In a report released in July, the International Atomic Energy Agency determined that the planned discharge would have minimal impact on the environment and human health. The IAEA’s safety and sampling teams, which visited Fukushima during the discharge, reported that it was progressing smoothly thus far.

On Thursday, the Fukushima plant operator, Tokyo Electric Power Company, started releasing a third round of water as scheduled. They have reported that everything is going smoothly.

The Japanese government has established a support fund in order to assist in locating alternative markets and alleviating the impact of China’s ban on seafood. Strategies include buying, storing, and freezing seafood temporarily, as well as promoting its sale within Japan. Cabinet members have visited Fukushima to taste local seafood and assure its safety, while the US Embassy in Tokyo has been aiding in the search for new markets, such as military bases within Japan.

Even with the release of wastewater, the prices of auctions at fish markets in Fukushima have stayed consistent, or sometimes even higher than usual.

However, Katsuya Goto, an official from the Fukushima prefectural fisheries department, stated that the current condition remains unstable.

Goto stated that any incident involving the release of seawater and the subsequent sampling could negatively impact the perception of the fish. Therefore, it is crucial to closely monitor and ensure that everything goes according to plan. Despite the objections of local fishermen, both the government and TEPCO have initiated this process, and it is our responsibility to ensure that it is done correctly.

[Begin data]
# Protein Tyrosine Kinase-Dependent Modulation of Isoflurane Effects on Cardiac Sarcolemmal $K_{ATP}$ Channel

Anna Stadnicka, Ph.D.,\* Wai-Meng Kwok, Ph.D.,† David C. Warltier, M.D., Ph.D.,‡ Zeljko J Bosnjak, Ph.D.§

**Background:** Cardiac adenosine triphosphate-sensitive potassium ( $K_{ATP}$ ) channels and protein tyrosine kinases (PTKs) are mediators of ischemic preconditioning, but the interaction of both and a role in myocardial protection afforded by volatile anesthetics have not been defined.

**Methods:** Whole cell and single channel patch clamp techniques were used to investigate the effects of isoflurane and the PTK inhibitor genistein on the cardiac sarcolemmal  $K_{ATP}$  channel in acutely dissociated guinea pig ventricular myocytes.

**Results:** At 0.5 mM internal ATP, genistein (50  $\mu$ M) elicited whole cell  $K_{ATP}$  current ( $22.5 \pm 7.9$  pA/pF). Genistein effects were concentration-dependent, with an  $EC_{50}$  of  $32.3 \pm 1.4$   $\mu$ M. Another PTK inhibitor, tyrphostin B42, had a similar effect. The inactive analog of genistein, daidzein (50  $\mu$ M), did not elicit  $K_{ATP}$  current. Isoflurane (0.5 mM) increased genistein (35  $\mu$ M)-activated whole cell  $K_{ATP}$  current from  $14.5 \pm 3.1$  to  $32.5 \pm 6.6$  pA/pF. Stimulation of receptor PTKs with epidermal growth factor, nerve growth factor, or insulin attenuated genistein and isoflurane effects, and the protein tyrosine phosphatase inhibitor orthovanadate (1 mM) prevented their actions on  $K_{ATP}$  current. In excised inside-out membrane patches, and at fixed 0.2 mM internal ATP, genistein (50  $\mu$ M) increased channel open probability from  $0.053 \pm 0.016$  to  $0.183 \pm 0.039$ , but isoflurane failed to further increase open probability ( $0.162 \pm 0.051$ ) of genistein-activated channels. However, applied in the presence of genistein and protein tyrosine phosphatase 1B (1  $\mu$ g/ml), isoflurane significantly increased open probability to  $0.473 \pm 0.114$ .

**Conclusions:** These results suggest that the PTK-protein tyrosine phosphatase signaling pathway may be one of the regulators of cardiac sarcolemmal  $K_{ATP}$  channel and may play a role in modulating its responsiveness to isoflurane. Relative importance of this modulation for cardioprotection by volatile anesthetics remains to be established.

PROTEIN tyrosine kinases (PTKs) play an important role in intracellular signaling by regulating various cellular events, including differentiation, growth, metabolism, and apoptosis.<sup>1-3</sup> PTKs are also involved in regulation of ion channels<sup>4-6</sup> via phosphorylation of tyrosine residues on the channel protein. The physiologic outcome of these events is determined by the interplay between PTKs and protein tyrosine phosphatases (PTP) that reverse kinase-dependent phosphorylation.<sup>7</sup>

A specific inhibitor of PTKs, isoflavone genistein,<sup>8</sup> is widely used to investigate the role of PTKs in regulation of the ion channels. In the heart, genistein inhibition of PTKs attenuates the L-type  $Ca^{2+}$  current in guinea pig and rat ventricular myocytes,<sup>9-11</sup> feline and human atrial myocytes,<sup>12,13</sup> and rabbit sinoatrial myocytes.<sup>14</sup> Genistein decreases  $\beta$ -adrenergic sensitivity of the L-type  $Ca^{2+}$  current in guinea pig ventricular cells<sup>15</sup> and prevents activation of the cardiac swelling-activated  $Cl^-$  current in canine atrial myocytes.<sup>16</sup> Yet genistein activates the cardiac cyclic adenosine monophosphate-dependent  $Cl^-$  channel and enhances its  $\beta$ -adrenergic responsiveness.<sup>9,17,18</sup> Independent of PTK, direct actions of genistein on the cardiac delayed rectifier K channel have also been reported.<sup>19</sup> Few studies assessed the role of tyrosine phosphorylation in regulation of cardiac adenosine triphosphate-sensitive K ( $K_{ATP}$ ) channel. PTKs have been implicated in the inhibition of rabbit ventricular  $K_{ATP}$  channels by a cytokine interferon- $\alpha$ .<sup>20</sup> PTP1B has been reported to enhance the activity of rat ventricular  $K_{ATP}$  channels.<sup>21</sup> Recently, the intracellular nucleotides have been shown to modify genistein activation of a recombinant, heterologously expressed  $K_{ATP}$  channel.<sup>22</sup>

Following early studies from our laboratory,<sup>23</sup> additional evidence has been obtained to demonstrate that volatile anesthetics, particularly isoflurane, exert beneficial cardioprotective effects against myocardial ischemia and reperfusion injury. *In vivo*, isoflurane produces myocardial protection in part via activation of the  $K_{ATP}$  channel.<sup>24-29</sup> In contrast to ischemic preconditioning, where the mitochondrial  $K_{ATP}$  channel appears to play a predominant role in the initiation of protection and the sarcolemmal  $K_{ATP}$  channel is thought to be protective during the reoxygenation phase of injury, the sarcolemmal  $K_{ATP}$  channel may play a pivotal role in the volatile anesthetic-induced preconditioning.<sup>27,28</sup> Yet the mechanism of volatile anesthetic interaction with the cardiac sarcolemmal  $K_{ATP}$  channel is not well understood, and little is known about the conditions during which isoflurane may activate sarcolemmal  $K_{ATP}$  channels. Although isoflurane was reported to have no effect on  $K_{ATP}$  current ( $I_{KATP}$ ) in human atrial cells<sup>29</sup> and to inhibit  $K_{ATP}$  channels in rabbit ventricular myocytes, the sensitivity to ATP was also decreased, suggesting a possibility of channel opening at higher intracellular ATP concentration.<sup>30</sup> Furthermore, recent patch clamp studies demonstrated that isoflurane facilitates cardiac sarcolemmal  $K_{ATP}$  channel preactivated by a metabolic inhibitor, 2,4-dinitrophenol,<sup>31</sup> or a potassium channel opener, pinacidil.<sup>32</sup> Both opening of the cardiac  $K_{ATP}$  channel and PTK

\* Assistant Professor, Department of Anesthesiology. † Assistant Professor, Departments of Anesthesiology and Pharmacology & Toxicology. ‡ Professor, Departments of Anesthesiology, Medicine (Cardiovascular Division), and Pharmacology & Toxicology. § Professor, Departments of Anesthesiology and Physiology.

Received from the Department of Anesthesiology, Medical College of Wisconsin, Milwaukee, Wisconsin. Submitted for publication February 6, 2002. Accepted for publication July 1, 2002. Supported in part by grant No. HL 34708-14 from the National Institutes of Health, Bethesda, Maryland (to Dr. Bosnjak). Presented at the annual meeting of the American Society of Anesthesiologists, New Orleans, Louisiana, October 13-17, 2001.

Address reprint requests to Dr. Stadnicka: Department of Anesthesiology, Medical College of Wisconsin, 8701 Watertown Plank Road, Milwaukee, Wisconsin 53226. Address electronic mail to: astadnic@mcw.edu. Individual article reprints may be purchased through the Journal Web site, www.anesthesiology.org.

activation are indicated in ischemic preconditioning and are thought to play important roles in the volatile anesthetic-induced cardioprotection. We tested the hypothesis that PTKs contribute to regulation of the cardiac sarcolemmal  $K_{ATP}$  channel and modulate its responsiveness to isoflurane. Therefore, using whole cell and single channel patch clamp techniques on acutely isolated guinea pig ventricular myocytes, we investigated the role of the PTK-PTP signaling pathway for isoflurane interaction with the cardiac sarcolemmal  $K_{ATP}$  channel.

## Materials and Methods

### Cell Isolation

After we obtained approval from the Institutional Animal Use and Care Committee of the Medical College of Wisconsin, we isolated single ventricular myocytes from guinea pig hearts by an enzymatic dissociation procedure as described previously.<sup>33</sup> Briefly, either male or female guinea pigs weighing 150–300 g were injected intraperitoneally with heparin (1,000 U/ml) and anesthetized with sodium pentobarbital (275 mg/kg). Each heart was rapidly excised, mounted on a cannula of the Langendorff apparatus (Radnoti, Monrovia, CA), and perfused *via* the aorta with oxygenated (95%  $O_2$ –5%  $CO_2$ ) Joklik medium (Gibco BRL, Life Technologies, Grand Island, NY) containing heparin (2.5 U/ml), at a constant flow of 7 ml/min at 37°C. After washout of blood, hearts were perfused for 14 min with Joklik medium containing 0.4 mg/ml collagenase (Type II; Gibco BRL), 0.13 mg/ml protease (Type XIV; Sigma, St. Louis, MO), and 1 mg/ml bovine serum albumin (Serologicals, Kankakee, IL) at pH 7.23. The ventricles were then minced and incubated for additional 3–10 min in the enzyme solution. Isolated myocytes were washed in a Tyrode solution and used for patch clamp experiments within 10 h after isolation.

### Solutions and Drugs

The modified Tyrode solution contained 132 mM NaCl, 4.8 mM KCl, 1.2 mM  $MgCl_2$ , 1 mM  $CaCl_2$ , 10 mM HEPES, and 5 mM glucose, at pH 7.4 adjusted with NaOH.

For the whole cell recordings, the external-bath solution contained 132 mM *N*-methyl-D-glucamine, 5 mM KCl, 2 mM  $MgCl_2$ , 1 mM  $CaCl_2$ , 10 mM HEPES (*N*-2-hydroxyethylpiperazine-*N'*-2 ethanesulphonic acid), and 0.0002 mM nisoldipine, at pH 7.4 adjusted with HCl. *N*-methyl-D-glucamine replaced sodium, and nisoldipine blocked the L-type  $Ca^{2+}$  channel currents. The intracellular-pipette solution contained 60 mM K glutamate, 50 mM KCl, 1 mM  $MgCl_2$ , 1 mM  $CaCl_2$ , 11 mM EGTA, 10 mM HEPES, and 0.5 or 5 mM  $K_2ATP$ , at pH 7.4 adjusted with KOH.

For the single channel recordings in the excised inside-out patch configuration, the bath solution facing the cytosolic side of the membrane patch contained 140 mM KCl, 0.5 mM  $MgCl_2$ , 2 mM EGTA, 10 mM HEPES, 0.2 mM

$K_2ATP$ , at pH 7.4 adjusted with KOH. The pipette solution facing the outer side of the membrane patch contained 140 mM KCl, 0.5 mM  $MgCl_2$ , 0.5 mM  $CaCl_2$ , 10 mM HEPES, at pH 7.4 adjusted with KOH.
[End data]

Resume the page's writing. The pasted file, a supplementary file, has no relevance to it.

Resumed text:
The support movement continues to expand, over two months since it first began.

Although individuals typically prefer ordering fish through mail or shopping at seafood markets, prefectural government cafeterias have recently begun offering Fukushima seafood for their lunch menus.

In late October, the Tokyo Metropolitan Government launched a subsidy campaign called “eat and cheer” that will run until the end of December. This campaign has been joined by 1,000 seafood retailers and is aimed at customers who are interested in purchasing expensive seafood, such as lobsters.

In Kyoto, a team of esteemed chefs specializing in the traditional Japanese cuisine known as “Kaiseki” will create menus featuring primarily fish from Fukushima starting in the near future. Yoshinori Tanaka, a member of the Japanese Culinary Academy and chef at Toriyone restaurant in Kyoto, stated that numerous chefs will host tasting events throughout the country in the spring and eventually offer their menus at hundreds of restaurants.

Tanaka stated that Japanese cuisine relies heavily on locally-produced agricultural and aquatic products. They emphasized the importance of ensuring the safety of released treated water in order to combat any negative perceptions. Additionally, they expressed their hopes that their project would help alleviate safety concerns held by certain individuals.

Some experts warn that efforts to boost Fukushima fish won’t last forever and the region needs to have long-term measures to revive the fisheries industry in the region while making sure to avoid any safety lapses.

The fisheries industry, tourism sector, and economy of Fukushima were greatly impacted and are currently in the process of recovering. The local fishing industry was starting to see improvements in 2021, but the government’s announcement of a water release plan has caused concern.

The current catch in Fukushima is only 20% of what it was before the disaster, as there are fewer fishermen and smaller catches.

According to Hiroharu Haga, the supervisor of Ichiyoshi, a seafood store located in the Lalamew fish market in Onahama, there has been an increase in customers since the release of treated water. Many of these customers are from outside of Fukushima, but due to a restricted supply, Haga is unable to fulfill all of their orders.

Haga expressed a desire to increase the sales of locally sourced fish.